While the engine was being assembled, parts were piling up at Cool Hand Customs in Middleton, WI. Owners Amy and EJ Fitzgerald graciously opened their shop to the Valkyrie team, which arrived with the AMX around Memorial Day.
The list of things to do was pretty staggering. There was an engine to button up, a cooling system, exhaust, and brakes to install, a transmission to bolt in, wiring and plumbing to run, and an interior to fit. The Valkyrie team worked around the clock during the 2 1/2 weeks the AMX was at Cool Hand, stopping once in a while to get a few minutes’ sleep in the shop. At one point, the team was up for 38 hours straight.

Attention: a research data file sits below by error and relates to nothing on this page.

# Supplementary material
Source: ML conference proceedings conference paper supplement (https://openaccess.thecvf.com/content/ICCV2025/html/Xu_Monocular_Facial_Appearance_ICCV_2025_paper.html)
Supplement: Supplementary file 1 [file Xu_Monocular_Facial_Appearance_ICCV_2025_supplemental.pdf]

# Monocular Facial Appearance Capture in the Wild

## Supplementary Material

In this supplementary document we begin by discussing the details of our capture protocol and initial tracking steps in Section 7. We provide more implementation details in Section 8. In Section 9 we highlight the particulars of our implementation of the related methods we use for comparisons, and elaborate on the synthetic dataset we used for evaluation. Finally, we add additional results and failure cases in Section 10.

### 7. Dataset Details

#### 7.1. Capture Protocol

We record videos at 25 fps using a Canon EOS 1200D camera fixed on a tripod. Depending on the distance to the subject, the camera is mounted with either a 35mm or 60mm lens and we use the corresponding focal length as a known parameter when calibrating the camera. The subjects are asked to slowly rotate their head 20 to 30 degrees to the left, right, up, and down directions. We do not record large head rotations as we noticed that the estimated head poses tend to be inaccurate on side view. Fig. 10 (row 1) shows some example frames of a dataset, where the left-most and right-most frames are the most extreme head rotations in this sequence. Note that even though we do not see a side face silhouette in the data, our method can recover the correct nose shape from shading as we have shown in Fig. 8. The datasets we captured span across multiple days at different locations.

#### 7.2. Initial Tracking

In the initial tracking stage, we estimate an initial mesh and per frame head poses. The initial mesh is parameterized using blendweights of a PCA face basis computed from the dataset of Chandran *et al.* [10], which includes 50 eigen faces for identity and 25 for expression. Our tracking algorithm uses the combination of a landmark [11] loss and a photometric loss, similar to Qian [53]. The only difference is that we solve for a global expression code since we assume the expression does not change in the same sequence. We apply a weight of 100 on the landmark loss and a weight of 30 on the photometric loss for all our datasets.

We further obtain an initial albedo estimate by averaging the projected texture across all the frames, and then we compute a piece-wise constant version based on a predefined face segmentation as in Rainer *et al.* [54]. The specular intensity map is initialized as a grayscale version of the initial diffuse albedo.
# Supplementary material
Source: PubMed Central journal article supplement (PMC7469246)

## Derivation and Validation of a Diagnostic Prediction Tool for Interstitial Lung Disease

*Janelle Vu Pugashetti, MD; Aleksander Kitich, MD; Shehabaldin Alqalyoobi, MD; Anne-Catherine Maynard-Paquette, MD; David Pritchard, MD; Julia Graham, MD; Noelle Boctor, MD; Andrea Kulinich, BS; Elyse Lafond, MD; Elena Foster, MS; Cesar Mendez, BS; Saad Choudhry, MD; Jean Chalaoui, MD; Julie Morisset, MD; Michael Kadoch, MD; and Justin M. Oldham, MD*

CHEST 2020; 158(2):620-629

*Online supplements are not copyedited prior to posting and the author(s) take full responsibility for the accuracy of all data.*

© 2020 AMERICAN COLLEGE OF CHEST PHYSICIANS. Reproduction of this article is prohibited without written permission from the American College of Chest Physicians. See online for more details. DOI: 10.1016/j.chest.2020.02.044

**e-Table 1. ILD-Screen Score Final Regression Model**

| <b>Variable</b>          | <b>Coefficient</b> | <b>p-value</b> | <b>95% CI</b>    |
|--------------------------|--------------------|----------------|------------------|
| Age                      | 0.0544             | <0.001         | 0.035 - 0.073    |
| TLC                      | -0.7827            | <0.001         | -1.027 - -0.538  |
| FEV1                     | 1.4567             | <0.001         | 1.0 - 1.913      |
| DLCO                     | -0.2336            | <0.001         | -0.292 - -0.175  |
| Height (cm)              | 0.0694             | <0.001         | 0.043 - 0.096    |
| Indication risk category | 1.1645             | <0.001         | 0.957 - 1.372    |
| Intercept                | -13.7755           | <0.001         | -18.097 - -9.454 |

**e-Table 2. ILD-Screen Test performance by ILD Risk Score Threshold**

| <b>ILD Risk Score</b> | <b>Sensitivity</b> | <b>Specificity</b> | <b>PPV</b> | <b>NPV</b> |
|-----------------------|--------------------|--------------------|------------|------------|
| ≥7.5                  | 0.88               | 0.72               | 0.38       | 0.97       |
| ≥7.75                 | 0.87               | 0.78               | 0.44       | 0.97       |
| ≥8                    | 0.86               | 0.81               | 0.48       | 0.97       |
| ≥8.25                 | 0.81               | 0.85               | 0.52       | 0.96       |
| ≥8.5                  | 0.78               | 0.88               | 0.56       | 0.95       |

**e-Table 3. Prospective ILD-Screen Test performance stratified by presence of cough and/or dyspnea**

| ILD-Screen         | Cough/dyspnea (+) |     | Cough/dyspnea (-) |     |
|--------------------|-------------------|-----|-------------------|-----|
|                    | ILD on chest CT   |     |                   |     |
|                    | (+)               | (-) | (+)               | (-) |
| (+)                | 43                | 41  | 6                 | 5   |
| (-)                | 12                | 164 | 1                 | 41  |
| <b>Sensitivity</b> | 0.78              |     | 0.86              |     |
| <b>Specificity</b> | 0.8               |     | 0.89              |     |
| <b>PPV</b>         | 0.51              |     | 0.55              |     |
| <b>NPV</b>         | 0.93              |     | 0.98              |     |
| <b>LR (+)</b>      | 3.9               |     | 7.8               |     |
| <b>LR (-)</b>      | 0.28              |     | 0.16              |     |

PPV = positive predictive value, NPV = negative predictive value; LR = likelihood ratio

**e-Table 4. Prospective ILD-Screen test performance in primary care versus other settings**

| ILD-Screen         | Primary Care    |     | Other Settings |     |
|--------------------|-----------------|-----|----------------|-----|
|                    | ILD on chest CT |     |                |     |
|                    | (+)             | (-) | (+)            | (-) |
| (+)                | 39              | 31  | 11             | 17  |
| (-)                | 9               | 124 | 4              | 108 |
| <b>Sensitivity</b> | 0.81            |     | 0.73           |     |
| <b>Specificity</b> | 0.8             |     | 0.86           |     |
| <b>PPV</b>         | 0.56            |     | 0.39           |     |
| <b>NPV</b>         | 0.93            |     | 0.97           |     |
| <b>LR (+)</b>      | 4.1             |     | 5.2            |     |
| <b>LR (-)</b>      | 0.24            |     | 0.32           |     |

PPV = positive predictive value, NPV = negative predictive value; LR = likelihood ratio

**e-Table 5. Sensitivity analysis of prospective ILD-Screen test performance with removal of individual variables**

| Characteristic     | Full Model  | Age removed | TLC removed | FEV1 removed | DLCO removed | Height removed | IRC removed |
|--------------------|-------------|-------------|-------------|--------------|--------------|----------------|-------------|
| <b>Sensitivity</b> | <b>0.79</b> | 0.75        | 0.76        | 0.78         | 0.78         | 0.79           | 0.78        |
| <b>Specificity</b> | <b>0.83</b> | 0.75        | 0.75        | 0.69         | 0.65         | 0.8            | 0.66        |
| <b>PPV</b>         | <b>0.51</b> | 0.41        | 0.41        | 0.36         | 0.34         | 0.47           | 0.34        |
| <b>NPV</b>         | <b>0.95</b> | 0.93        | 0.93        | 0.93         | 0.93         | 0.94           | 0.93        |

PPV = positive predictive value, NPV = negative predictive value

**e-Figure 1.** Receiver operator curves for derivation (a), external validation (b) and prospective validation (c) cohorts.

The AMX wouldn’t have been a proper project car without throwing up a roadblock or two. For example, most of the factory mechanical clutch linkage was missing, and an attempt to install a hydraulic throwout bearing failed due to a lack of space in the engine bay for the slave cylinder reservoir. In the 11th hour, a local gentleman named Tim came to the rescue. A diehard AMX man, Tim dug into his stash to find the missing clutch linkage. And we mean that literally — he had to dig a hole underneath a donor car to get at the parts.
Did Team Valkyrie get the AMX done in time for the Power Tour? Yes, but they had to trailer it to every stop. In St. Louis, a group called The Late Haulers pitched in to help get the AMX running under its own power so it could be driven around at the last three Tour stops.